Loughborough University
Leicestershire, UK
LE11 3TU
+44 (0)1509 263171
Loughborough University

Loughborough University Institutional Repository

Please use this identifier to cite or link to this item: https://dspace.lboro.ac.uk/2134/24141

Title: Change detection in urban and rural driving scenes: Effects of target type and safety relevance on change blindness
Authors: Beanland, Vanessa
Filtness, Ashleigh J.
Jeans, Rhiannon
Keywords: Driving
Change detection
Visual attention
Change blindness
Issue Date: 2017
Publisher: © Elsevier
Citation: BEANLAND, V., FILTNESS, A.J. and JEANS, R., 2017. Change detection in urban and rural driving scenes: Effects of target type and safety relevance on change blindness. Accident Analysis and Prevention, 100, pp. 111-122.
Abstract: The ability to detect changes is crucial for safe driving. Previous research has demonstrated that drivers often experience change blindness, which refers to failed or delayed change detection. The current study explored how susceptibility to change blindness varies as a function of the driving environment, type of object changed, and safety relevance of the change. Twenty-six fully-licenced drivers completed a driving-related change detection task. Changes occurred to seven target objects (road signs, cars, motorcycles, traffic lights, pedestrians, animals, or roadside trees) across two environments (urban or rural). The contextual safety relevance of the change was systematically manipulated within each object category, ranging from high safety relevance (i.e., requiring a response by the driver) to low safety relevance (i.e., requiring no response). When viewing rural scenes, compared with urban scenes, participants were significantly faster and more accurate at detecting changes, and were less susceptible to “looked-but-failed-to-see” errors. Interestingly, safety relevance of the change differentially affected performance in urban and rural environments. In urban scenes, participants were more efficient at detecting changes with higher safety relevance, whereas in rural scenes the effect of safety relevance has marginal to no effect on change detection. Finally, even after accounting for safety relevance, change blindness varied significantly between target types. Overall the results suggest that drivers are less susceptible to change blindness for objects that are likely to change or move (e.g., traffic lights vs. road signs), and for moving objects that pose greater danger (e.g., wild animals vs. pedestrians).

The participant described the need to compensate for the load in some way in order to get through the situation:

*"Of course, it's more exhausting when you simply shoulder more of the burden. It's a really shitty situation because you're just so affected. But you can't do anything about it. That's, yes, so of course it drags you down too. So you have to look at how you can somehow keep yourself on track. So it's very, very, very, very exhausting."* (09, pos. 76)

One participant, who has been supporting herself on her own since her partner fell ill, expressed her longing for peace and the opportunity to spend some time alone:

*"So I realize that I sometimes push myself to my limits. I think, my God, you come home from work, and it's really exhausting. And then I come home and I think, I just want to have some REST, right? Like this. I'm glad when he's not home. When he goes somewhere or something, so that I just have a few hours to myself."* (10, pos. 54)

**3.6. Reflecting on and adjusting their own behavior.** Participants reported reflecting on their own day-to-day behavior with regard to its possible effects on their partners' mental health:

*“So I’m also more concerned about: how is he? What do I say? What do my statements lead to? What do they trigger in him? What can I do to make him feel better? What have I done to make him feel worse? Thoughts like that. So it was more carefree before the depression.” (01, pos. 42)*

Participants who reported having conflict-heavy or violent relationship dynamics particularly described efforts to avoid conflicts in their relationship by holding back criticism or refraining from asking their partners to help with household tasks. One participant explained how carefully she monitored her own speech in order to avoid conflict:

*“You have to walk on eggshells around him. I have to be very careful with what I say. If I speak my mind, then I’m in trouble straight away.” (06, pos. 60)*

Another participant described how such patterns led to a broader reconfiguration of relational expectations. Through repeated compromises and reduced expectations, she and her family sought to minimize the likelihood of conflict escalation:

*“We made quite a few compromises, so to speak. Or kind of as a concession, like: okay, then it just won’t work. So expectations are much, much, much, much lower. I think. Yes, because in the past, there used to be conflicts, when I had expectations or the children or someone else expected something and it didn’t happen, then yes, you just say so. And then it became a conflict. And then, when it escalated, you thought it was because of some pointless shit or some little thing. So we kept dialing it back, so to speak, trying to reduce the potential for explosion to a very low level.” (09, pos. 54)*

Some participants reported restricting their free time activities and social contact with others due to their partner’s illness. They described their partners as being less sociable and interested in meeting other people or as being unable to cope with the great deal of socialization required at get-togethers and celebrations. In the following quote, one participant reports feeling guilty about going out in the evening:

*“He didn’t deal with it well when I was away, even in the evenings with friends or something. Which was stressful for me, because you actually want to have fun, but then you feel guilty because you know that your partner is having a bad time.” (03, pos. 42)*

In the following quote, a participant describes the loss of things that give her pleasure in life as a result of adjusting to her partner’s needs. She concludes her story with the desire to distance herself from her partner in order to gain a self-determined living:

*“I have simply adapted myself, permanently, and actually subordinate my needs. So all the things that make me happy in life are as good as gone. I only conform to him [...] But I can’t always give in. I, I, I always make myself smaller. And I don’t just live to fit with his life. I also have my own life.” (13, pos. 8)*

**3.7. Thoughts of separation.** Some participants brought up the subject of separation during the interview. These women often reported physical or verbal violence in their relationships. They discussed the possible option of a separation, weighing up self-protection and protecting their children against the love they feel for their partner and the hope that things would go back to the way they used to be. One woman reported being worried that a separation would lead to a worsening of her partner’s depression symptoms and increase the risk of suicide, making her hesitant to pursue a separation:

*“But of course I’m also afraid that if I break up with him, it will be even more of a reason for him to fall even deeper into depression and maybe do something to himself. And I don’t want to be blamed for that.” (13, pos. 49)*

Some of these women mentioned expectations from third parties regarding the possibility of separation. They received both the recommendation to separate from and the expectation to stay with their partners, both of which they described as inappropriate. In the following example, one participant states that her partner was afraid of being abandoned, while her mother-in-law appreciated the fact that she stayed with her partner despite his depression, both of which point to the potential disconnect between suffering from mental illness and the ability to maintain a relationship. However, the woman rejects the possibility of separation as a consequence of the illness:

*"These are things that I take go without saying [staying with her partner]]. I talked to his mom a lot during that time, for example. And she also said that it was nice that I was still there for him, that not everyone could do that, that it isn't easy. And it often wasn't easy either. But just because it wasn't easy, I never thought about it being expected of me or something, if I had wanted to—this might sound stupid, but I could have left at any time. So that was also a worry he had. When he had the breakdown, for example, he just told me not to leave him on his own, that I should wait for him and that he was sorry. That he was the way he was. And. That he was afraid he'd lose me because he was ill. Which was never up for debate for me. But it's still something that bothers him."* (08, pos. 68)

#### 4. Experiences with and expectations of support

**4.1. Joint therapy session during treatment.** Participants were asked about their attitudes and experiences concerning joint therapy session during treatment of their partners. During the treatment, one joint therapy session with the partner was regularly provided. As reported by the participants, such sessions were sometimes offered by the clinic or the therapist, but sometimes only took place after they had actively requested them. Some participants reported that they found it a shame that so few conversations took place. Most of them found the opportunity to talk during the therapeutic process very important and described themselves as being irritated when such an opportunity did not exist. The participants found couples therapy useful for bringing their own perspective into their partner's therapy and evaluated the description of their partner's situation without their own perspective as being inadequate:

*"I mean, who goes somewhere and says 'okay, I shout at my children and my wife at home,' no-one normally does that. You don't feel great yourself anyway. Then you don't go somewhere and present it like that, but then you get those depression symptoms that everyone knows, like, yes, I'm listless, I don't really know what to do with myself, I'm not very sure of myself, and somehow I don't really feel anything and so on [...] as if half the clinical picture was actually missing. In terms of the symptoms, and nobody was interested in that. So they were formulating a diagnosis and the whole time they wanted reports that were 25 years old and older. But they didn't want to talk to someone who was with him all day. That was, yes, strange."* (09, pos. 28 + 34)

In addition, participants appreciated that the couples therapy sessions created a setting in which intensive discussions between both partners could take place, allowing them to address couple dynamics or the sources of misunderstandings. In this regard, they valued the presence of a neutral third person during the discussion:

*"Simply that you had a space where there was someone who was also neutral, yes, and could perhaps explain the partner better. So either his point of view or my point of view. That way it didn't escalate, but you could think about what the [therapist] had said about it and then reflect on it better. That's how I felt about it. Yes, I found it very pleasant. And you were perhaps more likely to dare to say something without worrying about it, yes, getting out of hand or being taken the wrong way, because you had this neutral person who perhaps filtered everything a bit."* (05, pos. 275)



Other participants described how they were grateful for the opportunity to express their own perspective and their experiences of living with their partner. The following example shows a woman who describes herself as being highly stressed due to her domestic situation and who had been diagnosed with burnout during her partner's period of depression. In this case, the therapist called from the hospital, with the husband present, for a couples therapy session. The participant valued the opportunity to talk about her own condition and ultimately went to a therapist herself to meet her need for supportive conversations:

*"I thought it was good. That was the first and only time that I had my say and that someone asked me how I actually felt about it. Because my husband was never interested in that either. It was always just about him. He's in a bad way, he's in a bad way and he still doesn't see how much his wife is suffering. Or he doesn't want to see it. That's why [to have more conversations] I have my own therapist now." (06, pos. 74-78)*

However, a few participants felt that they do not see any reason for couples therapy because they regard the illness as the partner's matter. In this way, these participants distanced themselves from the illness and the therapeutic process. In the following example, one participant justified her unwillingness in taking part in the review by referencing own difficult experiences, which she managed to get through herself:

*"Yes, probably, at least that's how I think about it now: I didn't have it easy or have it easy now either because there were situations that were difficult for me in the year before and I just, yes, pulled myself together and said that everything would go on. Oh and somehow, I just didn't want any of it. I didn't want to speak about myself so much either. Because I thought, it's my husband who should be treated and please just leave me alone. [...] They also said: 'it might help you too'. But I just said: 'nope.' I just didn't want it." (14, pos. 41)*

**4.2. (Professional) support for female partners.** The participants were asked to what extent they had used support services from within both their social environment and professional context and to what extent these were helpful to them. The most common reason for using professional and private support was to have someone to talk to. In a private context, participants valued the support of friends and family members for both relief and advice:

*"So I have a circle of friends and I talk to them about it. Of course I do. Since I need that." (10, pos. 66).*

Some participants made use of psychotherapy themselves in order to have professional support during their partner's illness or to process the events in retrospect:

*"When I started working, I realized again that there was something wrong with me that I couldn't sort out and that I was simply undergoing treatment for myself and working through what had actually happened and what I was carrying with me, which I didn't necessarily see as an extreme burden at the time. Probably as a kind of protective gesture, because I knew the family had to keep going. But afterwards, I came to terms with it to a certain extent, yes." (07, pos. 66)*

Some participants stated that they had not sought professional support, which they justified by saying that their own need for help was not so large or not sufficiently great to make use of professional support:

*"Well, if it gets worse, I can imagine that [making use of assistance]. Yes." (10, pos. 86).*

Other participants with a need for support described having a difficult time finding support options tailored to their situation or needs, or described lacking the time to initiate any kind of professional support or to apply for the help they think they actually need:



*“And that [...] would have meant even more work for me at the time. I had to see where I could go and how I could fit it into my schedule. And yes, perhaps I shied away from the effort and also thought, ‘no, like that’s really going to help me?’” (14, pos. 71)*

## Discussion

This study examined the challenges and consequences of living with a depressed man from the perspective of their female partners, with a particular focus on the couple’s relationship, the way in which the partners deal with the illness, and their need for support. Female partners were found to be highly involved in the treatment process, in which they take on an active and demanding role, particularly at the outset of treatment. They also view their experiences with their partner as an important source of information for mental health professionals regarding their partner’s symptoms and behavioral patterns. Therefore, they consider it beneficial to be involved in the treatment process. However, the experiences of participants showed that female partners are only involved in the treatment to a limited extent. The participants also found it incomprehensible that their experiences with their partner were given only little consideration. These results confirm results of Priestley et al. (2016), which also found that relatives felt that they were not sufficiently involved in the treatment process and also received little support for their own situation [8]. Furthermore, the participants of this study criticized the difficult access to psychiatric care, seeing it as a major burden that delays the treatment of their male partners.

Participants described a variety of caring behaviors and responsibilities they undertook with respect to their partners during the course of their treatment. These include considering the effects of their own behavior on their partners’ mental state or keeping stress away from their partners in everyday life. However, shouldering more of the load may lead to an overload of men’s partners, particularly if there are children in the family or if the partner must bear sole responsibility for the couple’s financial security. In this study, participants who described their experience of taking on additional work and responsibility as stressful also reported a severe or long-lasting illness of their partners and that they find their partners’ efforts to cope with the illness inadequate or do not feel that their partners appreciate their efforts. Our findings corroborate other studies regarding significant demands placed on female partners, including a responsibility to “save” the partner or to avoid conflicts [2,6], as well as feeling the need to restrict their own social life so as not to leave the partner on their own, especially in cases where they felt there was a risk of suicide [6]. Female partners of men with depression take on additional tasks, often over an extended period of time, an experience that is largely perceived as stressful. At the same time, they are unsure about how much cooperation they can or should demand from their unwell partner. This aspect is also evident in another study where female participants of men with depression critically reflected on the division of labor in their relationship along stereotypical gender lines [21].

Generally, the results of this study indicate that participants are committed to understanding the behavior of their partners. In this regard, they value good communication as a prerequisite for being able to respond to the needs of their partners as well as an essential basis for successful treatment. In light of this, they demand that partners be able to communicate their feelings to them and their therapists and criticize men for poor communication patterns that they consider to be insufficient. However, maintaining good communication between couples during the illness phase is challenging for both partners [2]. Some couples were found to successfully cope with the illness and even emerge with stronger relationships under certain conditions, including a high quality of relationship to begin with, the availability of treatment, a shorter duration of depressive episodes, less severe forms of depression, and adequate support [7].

Description: This paper was published in the journal Accident Analysis and Prevention and the definitive published version is available at http://dx.doi.org/10.1016/j.aap.2017.01.011.
Sponsor: This work was supported by an NRMA-ACT Road Safety Trust Grant. Vanessa Beanland is supported by an Australian Research Council Discovery Early Career Researcher Award [grant DE150100083].
Version: Accepted for publication
DOI: 10.1016/j.aap.2017.01.011
URI: https://dspace.lboro.ac.uk/2134/24141
Publisher Link: http://dx.doi.org/10.1016/j.aap.2017.01.011
ISSN: 0001-4575
Appears in Collections:Published Articles (Design School)

Files associated with this item:

File Description SizeFormat
AAP-D-16-01010-R1 Manuscript_ACCEPTED.pdfAccepted version453.31 kBAdobe PDFView/Open


SFX Query

Items in DSpace are protected by copyright, with all rights reserved, unless otherwise indicated.